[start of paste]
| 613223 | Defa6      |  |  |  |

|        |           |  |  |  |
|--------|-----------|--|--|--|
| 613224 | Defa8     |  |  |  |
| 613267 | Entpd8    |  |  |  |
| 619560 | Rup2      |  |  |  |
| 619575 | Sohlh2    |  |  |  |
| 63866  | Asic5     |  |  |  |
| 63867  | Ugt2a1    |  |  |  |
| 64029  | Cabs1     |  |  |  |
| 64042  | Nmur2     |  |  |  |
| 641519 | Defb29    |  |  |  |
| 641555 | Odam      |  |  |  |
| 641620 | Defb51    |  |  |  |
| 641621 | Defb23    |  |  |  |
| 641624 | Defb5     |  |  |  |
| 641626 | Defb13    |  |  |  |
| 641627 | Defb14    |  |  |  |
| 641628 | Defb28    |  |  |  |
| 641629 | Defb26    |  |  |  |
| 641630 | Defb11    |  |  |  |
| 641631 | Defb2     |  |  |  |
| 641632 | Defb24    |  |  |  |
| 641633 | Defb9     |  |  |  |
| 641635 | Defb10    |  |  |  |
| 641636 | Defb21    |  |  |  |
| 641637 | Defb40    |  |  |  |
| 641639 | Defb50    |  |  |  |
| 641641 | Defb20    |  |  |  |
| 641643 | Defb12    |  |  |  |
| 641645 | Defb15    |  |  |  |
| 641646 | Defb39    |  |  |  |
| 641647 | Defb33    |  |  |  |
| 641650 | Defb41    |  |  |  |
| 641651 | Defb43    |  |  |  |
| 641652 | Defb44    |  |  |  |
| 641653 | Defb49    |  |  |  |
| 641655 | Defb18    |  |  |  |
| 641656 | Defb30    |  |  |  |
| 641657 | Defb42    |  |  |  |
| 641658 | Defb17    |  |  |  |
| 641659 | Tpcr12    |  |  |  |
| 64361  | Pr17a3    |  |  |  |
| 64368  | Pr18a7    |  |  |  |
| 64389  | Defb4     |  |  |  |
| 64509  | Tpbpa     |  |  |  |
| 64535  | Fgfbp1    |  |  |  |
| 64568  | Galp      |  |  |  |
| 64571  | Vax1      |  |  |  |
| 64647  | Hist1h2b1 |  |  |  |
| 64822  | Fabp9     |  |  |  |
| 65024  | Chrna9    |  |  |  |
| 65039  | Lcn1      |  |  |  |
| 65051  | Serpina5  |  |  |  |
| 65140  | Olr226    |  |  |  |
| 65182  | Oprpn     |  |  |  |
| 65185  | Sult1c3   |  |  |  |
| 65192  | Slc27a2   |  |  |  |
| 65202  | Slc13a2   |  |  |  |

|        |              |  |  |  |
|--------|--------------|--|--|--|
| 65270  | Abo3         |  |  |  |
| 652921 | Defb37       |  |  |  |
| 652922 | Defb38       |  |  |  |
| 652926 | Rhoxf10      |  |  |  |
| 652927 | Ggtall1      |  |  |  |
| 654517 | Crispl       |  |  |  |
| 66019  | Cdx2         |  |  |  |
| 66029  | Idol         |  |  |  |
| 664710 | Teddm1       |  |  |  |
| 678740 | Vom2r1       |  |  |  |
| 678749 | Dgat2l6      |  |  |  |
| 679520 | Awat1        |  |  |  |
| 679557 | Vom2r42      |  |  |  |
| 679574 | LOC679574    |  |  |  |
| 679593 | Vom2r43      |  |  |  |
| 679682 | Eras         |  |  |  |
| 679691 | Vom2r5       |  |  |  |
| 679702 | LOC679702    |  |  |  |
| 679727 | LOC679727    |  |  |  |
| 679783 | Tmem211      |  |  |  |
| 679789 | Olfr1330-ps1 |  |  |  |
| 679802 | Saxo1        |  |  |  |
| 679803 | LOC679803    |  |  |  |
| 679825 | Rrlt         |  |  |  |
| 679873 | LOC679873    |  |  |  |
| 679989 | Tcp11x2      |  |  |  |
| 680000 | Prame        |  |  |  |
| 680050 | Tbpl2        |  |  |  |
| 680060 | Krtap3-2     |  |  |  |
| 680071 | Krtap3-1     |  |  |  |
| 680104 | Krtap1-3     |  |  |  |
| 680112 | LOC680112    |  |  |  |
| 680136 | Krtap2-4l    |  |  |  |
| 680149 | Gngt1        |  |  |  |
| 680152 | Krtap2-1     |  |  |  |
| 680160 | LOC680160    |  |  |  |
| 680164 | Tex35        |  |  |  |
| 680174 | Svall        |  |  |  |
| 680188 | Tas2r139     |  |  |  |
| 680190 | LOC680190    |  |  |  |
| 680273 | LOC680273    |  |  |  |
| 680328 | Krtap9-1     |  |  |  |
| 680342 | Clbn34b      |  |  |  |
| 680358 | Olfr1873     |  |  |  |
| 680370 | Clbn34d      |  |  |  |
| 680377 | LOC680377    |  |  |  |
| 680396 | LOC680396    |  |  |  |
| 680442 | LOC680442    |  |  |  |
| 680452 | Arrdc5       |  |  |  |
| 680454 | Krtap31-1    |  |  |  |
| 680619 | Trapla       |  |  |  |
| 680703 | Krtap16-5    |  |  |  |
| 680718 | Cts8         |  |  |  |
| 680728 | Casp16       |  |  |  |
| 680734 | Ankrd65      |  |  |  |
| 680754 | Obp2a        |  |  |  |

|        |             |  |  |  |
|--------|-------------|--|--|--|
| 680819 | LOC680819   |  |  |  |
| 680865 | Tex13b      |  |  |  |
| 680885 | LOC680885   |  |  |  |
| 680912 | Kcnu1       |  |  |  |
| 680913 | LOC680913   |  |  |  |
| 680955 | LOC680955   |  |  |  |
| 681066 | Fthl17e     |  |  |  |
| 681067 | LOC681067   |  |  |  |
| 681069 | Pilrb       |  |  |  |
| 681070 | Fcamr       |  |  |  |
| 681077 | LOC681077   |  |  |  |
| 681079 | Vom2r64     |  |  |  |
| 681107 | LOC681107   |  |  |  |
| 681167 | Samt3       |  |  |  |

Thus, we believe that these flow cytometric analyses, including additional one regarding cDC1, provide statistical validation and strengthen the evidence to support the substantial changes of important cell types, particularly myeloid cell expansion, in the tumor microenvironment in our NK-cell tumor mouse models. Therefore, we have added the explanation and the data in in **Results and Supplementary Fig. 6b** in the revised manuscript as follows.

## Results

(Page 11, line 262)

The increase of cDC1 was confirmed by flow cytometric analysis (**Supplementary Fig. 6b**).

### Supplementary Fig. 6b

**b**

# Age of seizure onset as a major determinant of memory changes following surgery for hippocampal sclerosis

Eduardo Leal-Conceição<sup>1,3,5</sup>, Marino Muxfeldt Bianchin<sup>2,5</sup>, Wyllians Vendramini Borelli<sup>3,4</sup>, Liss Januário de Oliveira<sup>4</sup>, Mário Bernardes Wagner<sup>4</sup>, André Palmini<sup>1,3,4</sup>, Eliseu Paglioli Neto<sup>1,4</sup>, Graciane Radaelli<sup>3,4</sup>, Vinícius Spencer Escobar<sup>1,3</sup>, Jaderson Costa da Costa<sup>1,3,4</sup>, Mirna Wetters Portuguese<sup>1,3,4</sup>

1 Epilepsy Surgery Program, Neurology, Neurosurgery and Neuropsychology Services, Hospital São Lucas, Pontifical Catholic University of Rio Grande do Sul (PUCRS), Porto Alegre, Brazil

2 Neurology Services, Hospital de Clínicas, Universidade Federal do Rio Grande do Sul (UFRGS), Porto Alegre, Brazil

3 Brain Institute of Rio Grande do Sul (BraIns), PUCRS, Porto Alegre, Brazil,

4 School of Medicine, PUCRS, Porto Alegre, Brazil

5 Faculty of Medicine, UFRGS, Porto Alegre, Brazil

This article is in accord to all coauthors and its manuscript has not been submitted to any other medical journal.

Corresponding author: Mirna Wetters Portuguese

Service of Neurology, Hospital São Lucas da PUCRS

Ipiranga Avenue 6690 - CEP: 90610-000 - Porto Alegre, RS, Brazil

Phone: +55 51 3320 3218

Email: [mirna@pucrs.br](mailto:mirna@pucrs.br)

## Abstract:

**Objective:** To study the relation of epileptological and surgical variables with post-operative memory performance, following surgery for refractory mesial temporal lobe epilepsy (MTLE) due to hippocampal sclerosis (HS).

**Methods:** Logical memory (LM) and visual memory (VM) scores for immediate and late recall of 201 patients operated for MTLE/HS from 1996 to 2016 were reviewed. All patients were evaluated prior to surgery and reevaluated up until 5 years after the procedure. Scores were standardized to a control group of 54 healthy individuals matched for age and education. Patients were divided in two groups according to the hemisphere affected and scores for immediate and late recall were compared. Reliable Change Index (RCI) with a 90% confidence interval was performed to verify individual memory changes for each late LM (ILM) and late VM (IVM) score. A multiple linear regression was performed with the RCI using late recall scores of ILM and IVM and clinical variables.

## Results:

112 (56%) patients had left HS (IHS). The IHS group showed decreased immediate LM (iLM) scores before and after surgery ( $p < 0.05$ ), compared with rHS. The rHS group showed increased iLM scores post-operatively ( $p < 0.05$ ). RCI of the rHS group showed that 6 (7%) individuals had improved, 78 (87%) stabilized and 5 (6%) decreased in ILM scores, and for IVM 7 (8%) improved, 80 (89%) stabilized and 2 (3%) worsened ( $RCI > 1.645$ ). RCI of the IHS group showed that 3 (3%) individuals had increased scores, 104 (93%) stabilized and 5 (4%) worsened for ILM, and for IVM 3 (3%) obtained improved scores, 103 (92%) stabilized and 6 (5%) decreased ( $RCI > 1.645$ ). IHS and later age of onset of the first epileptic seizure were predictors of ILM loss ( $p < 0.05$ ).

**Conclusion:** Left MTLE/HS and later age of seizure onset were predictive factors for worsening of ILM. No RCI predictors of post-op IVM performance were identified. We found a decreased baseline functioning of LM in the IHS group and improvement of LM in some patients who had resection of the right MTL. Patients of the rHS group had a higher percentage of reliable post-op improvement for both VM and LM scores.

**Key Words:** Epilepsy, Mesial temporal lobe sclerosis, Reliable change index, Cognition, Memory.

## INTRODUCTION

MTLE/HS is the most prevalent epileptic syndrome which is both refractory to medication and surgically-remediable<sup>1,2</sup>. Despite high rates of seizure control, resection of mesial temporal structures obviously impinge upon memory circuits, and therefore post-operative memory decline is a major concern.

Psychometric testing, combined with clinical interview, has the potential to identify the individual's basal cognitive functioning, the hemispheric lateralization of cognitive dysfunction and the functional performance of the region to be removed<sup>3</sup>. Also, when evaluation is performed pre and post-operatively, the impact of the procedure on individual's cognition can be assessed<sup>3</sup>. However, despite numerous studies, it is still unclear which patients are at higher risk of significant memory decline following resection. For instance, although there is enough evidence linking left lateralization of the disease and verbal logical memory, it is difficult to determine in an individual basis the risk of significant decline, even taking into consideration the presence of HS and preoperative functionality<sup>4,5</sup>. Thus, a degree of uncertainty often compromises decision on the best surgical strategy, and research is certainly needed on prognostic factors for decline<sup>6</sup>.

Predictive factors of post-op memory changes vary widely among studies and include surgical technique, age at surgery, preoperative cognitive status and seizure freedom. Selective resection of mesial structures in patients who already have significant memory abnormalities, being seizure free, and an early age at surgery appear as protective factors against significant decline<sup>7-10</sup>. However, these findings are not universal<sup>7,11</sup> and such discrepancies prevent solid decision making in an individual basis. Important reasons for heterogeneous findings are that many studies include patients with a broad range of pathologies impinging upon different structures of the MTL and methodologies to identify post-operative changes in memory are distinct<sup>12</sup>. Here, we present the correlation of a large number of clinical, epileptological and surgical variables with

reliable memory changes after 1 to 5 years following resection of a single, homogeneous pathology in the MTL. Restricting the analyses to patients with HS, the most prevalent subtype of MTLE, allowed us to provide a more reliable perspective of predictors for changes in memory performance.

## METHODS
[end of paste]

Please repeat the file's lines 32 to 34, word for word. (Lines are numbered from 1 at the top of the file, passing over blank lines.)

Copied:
| 641646 | Defb39    |  |  |  |
| 641647 | Defb33    |  |  |  |
| 641650 | Defb41    |  |  |  |